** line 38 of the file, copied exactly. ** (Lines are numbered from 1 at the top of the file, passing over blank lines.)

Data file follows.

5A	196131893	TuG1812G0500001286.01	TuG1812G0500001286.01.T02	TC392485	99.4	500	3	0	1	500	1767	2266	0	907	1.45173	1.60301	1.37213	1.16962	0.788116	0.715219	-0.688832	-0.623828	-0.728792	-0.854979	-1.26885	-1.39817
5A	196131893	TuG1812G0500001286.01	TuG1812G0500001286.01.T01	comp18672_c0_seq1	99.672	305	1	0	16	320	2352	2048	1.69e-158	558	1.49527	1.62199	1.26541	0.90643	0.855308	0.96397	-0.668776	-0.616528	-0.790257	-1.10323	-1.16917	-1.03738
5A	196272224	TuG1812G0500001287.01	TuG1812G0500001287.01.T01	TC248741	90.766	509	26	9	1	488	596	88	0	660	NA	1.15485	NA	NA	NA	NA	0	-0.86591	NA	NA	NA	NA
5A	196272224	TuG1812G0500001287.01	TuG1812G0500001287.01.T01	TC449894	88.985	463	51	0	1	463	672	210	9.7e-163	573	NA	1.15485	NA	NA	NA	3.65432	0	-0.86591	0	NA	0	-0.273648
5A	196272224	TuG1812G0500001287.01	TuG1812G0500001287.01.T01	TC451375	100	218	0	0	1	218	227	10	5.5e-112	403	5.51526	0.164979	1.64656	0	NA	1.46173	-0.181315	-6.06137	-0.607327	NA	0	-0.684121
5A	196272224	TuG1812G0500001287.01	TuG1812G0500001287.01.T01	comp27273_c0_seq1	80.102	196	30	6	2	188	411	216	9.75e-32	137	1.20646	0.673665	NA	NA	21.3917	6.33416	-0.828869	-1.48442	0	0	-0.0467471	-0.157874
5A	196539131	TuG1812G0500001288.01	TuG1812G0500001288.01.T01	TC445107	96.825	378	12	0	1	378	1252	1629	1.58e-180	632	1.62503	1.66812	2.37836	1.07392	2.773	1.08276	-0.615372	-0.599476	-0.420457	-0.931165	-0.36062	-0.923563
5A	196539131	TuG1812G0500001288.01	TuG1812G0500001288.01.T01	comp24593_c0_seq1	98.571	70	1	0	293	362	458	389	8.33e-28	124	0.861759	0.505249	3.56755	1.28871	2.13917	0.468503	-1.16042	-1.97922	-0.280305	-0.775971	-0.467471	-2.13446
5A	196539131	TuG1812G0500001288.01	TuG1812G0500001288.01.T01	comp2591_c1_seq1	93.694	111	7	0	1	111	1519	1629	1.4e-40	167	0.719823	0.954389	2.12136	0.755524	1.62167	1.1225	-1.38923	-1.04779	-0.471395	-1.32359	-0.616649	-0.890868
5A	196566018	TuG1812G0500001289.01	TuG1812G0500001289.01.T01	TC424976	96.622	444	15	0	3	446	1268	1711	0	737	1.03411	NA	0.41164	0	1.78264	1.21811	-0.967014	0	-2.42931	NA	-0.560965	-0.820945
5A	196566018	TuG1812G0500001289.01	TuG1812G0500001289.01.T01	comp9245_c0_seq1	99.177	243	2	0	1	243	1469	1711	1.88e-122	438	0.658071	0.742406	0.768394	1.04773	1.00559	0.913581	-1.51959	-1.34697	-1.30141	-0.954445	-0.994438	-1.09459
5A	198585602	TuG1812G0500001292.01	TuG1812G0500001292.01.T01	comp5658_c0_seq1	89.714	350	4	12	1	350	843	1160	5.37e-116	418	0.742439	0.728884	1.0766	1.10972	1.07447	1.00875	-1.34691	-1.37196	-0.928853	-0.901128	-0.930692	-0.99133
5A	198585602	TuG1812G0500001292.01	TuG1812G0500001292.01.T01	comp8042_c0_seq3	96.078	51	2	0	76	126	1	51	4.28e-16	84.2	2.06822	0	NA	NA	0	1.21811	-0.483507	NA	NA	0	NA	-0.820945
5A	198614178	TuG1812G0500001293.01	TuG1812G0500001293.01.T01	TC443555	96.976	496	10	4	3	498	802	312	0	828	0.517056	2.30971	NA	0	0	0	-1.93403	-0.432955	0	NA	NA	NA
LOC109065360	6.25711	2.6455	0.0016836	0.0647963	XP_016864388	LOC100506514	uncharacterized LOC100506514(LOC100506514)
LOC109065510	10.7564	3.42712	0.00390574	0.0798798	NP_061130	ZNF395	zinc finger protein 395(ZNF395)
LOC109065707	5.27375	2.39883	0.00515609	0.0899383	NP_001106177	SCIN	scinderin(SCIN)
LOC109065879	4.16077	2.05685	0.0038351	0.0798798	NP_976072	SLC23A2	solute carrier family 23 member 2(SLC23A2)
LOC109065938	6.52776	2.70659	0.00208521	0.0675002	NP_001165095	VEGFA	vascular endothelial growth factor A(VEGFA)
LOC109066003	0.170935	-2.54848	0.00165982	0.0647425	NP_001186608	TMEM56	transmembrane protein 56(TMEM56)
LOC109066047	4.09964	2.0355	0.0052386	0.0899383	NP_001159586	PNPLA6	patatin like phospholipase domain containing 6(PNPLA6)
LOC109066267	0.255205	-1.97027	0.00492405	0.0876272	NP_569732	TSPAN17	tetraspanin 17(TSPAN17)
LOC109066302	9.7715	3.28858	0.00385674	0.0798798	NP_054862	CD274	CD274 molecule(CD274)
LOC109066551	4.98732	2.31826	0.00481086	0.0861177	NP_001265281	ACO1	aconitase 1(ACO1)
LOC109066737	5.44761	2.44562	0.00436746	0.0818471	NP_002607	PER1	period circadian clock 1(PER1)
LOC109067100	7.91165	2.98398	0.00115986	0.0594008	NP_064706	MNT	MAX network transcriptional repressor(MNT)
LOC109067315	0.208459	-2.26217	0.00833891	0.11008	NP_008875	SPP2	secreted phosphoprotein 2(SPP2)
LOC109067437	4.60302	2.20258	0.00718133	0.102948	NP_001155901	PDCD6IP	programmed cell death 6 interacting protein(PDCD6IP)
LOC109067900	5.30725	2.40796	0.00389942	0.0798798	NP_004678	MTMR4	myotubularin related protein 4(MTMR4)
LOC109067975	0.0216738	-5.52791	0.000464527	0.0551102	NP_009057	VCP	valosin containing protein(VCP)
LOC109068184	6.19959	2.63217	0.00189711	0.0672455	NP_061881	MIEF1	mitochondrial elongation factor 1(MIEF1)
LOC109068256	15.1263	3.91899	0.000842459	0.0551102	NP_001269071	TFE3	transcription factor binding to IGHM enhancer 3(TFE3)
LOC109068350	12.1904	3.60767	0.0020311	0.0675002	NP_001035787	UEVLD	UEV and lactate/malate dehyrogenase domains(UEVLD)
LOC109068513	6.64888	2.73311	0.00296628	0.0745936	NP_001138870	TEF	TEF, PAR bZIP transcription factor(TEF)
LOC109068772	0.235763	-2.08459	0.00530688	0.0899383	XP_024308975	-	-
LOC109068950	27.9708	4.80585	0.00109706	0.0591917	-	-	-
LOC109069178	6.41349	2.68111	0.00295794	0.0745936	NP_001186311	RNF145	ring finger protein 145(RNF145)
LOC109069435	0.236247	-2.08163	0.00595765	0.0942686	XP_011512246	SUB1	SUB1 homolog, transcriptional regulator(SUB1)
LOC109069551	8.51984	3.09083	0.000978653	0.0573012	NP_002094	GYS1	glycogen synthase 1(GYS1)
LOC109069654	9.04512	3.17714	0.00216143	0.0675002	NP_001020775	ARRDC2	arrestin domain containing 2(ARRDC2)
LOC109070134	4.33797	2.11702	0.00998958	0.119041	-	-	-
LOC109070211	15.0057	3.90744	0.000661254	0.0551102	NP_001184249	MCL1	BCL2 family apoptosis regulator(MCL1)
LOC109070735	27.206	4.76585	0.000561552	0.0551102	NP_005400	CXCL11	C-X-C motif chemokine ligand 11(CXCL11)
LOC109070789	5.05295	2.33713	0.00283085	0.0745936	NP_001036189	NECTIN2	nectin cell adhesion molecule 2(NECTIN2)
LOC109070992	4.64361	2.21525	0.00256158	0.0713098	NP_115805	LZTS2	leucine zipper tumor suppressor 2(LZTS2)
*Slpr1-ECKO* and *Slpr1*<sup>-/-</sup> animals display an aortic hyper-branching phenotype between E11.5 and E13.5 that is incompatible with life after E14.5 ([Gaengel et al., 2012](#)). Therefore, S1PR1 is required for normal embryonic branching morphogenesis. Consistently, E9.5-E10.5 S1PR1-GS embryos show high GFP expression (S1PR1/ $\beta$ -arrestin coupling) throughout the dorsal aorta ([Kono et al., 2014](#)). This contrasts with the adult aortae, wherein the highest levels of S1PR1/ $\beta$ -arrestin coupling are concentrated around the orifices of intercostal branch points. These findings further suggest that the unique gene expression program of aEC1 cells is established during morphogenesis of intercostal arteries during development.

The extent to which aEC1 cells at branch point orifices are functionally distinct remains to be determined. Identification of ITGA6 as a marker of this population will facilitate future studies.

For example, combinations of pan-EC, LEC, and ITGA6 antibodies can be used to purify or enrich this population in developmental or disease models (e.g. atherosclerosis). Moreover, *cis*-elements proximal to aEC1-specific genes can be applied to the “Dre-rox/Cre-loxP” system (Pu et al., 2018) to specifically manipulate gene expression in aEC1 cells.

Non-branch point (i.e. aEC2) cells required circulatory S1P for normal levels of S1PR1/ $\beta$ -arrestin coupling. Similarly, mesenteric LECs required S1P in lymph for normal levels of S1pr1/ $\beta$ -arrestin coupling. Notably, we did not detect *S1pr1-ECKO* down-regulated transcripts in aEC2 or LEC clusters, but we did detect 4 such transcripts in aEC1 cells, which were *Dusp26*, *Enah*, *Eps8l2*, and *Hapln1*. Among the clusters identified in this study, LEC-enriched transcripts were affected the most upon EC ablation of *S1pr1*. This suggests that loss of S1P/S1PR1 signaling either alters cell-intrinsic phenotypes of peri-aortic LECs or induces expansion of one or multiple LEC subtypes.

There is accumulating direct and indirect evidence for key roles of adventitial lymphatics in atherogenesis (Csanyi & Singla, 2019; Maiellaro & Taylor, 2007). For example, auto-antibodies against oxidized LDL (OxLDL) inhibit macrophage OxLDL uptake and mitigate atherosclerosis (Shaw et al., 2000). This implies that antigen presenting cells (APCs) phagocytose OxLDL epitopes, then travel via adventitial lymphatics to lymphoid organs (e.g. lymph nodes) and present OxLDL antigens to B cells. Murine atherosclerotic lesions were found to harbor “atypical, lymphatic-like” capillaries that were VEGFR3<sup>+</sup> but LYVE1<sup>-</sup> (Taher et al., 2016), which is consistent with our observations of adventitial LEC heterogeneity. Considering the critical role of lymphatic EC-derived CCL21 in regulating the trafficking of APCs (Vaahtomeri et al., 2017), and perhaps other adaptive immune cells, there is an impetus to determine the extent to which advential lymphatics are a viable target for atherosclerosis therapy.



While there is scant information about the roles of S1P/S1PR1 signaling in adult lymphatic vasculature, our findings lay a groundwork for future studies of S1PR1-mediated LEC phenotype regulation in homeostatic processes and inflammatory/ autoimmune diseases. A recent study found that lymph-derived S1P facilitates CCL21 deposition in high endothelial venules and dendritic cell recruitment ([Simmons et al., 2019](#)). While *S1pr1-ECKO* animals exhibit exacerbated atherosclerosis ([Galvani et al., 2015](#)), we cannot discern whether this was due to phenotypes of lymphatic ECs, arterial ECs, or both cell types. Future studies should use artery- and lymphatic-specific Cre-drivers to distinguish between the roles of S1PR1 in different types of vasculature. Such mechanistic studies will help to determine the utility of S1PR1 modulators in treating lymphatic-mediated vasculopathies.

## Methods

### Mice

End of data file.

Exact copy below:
LOC109069435	0.236247	-2.08163	0.00595765	0.0942686	XP_011512246	SUB1	SUB1 homolog, transcriptional regulator(SUB1)